What special considerations, if any, should black Americans receive in federal employment, in university admissions, or in another specific setting? Argue this point. Consider both sides of the argument.
(Would your answer have been different 50 years ago? Will your answer be different 50 years from now?)
How to write a good argument: Claims, reasons, evidence, and warrants
Many people confuse “contradiction” and “argument.” For a humorous but helpful demonstration of the differences, watch this old Monty Python sketch, “The Argument Clinic”: https://www.youtube.com/watch?v=DkQhK8O9Jik
Articulating an argument involves much more than declaring where you stand. Simply asserting something does not make it true. You must present your case persuasively. A good argument starts with a central claim that takes a clear stance, stated unambiguously in the opening paragraph. Back this claim with logical reasons, each of which is supported by factual evidence. A reason is warranted if there is a defensible moral or philosophical belief connecting it back to the claim; otherwise, it is unwarranted (and, as a result, useless).
Recognize that opposing arguments exist. “Advance,” “support,” or “defend” your claim, but do not claim to “prove” it. Politics deals with contentious issues, where each side can make strong arguments. Claiming to have “proved” your claim suggests you have not understood John Stuart Mill’s point, quoted above.
Understanding opposing arguments will aid you in developing your own. If you understand opposing arguments “in their most plausible and persuasive form,” you will be able to present your own arguments in such a compelling manner that your opponents respect your views even if they still disagree. By contrast, using emotional jabs, personal attacks, or “straw man” reasoning will render your writing unpersuasive and trite. Perhaps the best way to improve your argument is to practice outlining reasons and evidence that support the opposing claim.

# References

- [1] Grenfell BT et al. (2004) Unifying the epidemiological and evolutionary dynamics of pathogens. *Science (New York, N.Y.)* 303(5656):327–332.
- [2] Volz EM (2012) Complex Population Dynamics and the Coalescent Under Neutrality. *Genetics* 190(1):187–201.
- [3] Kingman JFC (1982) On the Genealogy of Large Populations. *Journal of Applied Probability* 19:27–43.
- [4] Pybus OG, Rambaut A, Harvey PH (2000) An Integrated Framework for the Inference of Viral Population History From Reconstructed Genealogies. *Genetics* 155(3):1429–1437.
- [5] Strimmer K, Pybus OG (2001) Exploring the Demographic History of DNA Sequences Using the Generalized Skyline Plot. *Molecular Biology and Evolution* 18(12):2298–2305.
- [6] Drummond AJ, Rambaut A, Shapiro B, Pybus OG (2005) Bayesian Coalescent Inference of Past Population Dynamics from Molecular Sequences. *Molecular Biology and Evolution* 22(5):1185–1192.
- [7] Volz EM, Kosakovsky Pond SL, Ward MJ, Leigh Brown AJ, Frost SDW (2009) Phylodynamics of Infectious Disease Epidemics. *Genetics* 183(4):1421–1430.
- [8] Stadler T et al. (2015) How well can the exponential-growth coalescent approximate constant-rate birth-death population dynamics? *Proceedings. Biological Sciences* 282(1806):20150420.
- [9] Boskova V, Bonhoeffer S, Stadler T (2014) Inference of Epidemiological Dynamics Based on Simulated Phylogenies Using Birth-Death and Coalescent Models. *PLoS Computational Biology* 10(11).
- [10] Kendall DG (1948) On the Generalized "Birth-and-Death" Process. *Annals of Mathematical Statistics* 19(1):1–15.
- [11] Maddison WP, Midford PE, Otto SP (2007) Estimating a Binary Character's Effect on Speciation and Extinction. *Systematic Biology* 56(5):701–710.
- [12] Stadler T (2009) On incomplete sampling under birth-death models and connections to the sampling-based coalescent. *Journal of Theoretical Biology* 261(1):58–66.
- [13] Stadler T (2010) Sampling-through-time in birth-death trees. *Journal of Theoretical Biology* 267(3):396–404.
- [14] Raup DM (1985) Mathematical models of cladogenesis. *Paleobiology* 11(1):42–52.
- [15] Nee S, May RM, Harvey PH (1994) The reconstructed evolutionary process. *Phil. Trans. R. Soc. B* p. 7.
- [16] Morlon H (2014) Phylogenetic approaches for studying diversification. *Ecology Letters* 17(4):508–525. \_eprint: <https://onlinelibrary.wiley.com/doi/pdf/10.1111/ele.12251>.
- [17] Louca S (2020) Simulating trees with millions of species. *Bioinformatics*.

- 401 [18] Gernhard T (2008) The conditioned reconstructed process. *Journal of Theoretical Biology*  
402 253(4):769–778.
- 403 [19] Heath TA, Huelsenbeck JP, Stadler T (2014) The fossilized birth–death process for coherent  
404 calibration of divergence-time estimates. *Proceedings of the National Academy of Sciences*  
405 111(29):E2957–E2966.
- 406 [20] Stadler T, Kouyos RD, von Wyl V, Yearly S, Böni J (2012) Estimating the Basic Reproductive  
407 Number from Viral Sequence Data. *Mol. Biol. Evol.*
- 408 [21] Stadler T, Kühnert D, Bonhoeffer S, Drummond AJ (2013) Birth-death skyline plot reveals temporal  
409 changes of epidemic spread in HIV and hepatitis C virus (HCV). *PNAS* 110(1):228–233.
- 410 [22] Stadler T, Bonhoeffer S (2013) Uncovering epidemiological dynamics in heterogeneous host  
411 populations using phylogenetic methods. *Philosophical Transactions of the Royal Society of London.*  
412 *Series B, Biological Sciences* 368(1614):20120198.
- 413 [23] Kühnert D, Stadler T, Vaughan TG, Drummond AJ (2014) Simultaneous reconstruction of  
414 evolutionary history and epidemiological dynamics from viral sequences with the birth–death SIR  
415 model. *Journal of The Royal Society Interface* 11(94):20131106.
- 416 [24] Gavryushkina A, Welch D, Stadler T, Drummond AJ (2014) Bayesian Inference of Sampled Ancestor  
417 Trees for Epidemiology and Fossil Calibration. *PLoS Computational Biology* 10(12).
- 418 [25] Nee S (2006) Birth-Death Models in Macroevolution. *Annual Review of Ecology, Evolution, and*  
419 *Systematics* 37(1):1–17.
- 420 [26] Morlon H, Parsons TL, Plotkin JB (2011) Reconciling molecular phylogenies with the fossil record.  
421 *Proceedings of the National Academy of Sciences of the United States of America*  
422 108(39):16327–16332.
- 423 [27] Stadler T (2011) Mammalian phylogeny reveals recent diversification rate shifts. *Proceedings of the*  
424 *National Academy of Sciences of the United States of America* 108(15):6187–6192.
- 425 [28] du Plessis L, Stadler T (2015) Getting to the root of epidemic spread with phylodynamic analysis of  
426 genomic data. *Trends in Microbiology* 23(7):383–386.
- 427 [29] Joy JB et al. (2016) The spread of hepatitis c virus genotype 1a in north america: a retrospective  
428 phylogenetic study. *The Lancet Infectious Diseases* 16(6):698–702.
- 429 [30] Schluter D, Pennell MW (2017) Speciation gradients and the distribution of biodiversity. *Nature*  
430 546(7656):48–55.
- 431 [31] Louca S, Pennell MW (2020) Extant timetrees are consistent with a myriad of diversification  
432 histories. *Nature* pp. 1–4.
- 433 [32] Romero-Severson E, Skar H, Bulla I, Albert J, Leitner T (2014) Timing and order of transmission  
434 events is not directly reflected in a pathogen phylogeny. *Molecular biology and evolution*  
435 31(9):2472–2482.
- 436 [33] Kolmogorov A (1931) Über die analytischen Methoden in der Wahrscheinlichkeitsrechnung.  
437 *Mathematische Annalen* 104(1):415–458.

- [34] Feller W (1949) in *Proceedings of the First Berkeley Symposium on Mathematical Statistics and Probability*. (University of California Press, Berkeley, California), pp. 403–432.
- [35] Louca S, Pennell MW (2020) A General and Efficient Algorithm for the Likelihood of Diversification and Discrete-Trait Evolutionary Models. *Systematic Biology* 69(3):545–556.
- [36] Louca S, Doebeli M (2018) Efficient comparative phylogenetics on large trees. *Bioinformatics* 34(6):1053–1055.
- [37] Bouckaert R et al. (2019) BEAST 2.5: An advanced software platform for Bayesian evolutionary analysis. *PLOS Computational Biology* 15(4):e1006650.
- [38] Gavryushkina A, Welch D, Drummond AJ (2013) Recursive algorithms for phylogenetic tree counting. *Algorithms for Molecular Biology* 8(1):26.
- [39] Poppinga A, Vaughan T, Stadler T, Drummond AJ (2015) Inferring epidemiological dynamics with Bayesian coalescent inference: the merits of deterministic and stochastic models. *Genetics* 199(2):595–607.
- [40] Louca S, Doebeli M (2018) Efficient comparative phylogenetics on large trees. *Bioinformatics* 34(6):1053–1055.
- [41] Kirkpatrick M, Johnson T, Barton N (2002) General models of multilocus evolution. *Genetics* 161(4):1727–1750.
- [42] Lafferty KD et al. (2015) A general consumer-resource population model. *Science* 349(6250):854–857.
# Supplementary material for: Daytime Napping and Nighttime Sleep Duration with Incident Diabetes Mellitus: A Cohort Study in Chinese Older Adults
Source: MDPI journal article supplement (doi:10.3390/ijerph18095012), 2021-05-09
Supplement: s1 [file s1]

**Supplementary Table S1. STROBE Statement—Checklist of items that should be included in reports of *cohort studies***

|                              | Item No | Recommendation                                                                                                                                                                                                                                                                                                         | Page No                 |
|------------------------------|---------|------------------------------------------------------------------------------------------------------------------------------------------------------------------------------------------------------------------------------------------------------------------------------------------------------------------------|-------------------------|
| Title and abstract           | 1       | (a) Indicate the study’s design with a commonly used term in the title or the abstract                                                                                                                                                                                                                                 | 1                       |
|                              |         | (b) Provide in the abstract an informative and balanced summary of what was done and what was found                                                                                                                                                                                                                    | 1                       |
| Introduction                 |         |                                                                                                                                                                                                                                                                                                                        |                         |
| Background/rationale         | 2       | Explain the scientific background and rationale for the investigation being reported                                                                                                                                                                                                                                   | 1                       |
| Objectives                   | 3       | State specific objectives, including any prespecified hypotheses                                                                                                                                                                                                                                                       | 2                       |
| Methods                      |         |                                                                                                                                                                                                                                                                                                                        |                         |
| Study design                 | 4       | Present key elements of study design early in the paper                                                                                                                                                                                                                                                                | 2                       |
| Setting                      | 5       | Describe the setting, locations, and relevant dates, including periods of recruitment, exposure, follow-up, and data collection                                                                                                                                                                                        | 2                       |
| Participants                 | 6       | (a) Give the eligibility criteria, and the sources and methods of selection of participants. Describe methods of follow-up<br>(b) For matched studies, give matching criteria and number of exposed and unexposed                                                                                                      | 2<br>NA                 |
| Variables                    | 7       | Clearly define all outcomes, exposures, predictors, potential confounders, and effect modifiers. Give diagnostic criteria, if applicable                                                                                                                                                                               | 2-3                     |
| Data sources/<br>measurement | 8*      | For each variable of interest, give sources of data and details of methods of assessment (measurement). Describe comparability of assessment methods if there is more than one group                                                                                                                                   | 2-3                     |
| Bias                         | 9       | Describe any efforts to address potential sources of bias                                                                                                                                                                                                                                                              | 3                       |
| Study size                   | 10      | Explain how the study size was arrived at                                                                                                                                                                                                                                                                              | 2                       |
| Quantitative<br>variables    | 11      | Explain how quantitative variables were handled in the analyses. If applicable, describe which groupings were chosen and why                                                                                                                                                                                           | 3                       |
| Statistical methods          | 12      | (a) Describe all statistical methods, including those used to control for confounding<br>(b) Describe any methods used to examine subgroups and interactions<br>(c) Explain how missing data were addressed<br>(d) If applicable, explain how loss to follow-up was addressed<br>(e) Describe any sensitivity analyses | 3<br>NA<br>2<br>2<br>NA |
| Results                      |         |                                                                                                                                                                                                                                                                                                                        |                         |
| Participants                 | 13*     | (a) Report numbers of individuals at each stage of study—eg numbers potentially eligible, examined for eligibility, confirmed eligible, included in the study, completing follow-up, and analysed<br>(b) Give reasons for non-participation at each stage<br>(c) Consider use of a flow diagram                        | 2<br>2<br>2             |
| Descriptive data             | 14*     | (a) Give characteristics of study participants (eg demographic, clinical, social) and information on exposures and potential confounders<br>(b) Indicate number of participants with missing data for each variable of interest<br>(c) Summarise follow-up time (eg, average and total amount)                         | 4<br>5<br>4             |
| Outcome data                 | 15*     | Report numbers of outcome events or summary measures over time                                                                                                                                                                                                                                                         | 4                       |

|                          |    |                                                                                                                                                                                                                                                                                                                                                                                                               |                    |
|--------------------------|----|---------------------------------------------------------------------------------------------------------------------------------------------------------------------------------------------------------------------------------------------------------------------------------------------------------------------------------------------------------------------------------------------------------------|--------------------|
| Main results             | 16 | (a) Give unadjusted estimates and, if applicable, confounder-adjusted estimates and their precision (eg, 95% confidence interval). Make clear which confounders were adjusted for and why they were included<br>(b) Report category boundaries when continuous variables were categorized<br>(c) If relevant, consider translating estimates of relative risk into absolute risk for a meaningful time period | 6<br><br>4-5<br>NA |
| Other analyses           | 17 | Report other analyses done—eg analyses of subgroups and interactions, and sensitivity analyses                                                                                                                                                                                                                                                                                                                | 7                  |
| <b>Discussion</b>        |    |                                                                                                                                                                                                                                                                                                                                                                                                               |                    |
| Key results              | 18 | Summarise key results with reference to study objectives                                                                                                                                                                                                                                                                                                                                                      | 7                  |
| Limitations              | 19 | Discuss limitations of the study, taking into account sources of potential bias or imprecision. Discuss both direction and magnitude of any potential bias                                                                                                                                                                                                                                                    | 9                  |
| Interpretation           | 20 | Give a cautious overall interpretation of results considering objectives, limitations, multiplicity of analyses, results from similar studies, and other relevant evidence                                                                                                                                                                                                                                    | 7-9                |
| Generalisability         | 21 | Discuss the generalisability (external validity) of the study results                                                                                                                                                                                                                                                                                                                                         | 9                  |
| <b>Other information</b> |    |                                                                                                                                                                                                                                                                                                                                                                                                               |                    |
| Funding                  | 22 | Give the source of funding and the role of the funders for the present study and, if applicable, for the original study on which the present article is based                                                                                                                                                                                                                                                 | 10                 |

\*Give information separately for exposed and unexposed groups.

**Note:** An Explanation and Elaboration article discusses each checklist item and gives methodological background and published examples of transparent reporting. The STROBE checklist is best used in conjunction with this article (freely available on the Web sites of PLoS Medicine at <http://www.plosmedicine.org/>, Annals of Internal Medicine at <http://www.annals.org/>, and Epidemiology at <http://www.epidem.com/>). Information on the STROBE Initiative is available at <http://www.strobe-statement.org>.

Some students struggle to understand claims, reasons, evidence, and warrants. Suppose that your state legislature is debating a bill that would impose a special tax on soft drinks. An argument favoring this proposal might look like this:
Claim: The state government should impose a special sales tax on soft drinks.
Reason 1: Soft drinks contribute to a variety of health problems.
o Evidence: Studies show that sugary drinks cause tooth decay, bone loss, diabetes, hypertension, and obesity. In turn, these conditions can cause serious secondary conditions, such as stroke, kidney disease, heart disease, osteoarthritis, and premature death.
o Warrant: As a society, we should find ways to encourage people to take care of their own health.
Reason 2: These health problems create societal costs.
o Evidence: The health conditions caused directly or indirectly by soft drinks are so
expensive to treat that many of those afflicted will rely on government assistance to pay for them. Also, people with serious medical conditions may find that their physical limitations prevent them from working full time, leading them to rely on public assistance.
o Warrant: If an individual’s choices impose societal costs, then society has a right to govern those choices.
Reason 3: A targeted sales tax would have the intended effect of shifting people toward healthier nutritional habits.
o Evidence: Sales of cigarettes and beer have fallen in states that impose special taxes on them, so we can likewise expect sales of soft drinks to fall if taxed.
o Warrant: Effectiveness matters. Before passing a new law, we should carefully consider whether it is likely to have the intended effect. This proposal will.
Conclusion (i.e. the claim and reasons restated): The state government should impose a special sales tax on soft drinks. This tax will reduce consumption of soda, preventing a variety of health problems that have major societal costs.Customer files
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